Of course, Peggy gives it her all and the show is a success, and she ends up on Billy’s arms in the end... and the man who comes to Dorothy’s side while she’s injured is Denning... and when Dillon realizes that Dorothy isn’t going to sleep with him, he notices all of those hot young chorus girls like Anytime Annie and gets the booby prize. As in, those jiggling boobies.

The film is filled with amazing dance numbers, along with the signature Berkeley shot where every single beautiful chorus girl gets a close up... but the most amazing number is a long continuous take during the 42nd Street song that moves throughout a street set going inside and outside buildings, craning up and going through a 2nd story window to see a scene of domestic violence as a man beats a woman, she pushes him away, climbs out the window onto the ledge and *jumps* all the way down to the street where a dancer catches her and then dances with her. I look at that stunt and wonder how many dancers they went through before they got the take right. She freakin’ jumps off a 2nd story ledge and a guy *catches her*. It’s *pavement* below (hard surface so they can tap dance). These days no one would do a stunt that dangerous. It’s crazy!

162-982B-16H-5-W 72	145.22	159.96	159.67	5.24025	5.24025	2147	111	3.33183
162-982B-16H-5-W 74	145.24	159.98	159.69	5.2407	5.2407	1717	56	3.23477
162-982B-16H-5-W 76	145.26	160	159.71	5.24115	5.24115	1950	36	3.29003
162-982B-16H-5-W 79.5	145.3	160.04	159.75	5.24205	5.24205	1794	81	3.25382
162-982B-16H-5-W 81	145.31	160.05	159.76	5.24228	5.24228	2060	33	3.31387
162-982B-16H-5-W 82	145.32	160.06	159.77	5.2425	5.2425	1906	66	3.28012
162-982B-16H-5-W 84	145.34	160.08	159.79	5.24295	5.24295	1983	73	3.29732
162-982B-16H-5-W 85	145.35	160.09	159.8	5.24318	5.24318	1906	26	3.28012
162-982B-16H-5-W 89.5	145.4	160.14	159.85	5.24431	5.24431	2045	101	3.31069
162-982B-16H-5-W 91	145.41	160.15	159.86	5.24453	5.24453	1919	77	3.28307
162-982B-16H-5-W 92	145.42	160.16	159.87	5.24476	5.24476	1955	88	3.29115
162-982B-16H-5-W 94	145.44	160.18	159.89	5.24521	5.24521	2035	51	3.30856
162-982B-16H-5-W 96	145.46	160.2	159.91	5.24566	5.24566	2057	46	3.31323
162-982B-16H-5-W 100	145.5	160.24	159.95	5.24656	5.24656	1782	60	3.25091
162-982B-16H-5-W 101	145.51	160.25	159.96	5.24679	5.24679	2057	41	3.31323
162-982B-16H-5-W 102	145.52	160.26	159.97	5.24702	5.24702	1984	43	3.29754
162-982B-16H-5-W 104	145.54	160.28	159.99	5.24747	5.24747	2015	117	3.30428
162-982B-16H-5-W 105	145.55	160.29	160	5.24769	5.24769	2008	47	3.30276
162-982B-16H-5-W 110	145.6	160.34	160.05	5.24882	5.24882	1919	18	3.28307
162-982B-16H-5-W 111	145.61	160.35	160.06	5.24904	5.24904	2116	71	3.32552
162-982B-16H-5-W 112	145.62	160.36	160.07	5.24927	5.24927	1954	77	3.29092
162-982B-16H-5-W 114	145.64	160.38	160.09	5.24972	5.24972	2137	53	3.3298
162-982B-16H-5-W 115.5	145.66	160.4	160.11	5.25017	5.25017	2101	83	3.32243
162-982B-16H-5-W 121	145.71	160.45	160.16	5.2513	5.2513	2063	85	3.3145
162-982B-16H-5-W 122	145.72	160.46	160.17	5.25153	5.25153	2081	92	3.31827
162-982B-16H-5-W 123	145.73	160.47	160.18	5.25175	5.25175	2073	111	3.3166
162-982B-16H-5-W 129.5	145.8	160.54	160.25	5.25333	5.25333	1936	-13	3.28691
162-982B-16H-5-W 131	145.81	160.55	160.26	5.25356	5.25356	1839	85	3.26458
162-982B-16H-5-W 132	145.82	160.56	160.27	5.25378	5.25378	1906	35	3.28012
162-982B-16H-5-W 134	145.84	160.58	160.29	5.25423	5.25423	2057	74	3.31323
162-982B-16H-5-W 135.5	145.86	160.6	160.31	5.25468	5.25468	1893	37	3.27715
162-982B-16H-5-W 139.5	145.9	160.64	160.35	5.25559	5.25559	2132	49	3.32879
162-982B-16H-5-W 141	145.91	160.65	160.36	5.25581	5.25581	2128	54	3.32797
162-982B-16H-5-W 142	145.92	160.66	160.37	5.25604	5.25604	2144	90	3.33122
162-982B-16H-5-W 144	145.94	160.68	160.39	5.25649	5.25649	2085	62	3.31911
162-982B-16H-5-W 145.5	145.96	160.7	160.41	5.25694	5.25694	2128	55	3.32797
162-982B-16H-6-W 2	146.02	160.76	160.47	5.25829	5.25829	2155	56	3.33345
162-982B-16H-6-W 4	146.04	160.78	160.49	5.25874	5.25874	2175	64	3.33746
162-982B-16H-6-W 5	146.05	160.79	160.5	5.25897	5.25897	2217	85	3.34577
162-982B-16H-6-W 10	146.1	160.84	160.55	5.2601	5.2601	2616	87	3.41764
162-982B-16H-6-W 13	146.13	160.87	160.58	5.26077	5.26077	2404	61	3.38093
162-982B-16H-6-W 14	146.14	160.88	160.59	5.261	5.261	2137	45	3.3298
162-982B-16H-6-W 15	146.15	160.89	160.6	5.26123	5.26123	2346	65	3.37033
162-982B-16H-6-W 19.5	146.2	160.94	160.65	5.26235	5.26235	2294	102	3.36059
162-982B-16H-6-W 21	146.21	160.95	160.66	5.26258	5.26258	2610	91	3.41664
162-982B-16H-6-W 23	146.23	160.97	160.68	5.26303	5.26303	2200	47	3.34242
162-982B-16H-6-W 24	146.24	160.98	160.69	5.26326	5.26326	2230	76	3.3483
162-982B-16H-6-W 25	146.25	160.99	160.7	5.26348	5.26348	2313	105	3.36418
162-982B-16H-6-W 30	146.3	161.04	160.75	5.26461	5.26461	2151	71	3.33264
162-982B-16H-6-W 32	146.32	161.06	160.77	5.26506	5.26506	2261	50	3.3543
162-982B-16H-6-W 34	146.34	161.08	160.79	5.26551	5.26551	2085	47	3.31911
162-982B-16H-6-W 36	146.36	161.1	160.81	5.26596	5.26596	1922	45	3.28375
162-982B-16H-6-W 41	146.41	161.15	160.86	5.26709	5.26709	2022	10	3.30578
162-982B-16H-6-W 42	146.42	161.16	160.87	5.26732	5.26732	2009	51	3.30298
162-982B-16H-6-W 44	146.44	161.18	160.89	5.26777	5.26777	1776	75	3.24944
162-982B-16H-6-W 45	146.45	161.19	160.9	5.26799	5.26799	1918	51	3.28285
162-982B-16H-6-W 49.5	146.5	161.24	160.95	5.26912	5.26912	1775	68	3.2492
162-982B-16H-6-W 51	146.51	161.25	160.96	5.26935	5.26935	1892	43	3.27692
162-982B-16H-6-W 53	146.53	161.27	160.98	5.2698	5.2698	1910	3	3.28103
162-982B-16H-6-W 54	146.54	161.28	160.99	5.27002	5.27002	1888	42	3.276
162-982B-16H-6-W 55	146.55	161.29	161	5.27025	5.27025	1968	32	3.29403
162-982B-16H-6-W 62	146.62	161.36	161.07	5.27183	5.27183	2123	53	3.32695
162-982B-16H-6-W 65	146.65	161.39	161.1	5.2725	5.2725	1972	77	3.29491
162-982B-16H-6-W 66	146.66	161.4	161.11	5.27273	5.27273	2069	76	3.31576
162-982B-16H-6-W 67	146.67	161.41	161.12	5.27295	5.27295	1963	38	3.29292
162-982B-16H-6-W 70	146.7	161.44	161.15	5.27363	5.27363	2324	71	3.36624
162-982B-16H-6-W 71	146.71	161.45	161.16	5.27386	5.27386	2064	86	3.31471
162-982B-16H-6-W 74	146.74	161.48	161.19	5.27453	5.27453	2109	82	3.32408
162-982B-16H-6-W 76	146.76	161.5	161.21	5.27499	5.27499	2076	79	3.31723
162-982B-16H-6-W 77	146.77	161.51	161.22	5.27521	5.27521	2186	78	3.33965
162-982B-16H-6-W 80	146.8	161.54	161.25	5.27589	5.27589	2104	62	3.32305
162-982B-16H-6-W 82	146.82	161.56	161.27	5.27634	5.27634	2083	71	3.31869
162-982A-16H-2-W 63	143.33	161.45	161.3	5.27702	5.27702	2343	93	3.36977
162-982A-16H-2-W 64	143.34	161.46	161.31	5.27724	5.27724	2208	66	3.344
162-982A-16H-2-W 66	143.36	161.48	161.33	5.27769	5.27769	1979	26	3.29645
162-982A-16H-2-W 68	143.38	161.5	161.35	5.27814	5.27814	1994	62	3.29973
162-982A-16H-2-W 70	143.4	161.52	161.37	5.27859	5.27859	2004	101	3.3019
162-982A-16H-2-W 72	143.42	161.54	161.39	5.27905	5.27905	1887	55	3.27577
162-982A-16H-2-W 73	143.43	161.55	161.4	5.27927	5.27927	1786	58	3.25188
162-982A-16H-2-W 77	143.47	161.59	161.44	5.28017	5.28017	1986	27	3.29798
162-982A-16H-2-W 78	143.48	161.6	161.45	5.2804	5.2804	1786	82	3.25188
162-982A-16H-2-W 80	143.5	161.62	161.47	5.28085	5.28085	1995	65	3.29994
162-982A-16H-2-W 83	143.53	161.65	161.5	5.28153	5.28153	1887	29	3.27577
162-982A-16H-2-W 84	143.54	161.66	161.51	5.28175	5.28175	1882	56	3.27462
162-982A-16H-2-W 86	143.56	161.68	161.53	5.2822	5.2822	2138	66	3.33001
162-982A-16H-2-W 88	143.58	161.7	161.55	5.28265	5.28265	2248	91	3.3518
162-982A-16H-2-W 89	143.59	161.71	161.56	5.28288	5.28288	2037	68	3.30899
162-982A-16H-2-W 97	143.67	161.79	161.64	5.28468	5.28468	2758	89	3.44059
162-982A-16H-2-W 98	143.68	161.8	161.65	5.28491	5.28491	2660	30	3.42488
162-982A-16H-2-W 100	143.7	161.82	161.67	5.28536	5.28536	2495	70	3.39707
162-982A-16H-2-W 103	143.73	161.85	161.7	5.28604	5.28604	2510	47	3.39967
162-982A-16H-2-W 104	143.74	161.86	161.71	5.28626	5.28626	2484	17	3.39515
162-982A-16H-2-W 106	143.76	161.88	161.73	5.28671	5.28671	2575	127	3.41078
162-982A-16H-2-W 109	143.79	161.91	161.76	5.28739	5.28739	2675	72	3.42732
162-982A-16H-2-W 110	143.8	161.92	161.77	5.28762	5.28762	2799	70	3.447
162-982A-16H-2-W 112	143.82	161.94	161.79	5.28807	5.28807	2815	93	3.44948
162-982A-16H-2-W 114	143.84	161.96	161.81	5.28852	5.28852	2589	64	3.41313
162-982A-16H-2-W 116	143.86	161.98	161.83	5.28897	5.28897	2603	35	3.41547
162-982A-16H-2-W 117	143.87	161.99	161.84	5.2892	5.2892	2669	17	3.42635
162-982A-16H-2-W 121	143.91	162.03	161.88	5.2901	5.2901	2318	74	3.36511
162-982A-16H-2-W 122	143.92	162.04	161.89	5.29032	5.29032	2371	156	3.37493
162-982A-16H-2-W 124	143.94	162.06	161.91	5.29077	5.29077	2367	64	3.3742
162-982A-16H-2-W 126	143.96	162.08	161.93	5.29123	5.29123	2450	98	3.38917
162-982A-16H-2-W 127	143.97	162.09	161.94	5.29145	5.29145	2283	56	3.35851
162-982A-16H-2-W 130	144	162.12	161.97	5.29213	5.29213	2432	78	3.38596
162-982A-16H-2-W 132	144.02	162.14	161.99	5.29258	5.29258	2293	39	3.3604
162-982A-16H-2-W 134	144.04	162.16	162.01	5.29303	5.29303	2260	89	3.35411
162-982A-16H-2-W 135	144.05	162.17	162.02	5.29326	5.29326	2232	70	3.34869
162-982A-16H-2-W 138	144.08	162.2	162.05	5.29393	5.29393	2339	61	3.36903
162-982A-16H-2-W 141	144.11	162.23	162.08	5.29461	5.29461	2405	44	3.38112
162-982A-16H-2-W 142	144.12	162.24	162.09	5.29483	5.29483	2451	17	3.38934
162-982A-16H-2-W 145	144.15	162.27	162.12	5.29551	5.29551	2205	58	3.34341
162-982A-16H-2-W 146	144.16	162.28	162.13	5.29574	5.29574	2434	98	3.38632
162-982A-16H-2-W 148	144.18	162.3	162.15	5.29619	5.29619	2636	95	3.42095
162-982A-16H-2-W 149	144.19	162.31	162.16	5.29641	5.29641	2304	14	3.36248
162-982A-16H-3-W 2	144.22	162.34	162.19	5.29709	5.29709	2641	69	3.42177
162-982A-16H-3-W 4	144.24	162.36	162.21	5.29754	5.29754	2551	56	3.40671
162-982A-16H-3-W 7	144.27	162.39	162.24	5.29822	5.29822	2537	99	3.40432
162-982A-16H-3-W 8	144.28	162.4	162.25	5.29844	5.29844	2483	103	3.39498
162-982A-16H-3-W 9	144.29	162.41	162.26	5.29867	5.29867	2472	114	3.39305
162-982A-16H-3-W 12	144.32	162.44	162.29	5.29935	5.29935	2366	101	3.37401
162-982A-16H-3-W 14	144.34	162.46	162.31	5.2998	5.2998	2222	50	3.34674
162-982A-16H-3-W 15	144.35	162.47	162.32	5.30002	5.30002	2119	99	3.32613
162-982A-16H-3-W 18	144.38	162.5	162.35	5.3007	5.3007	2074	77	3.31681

The great thing about 42nd STREET is that it not only shows the gritty side of Great Depression life where people struggle to keep a roof over their heads *and* has these lavish completely visual dance numbers that are pure spectacle *and* show that hard work and determination pays off.

Bill

Thanks to Warner Archive, now on beautiful BluRay!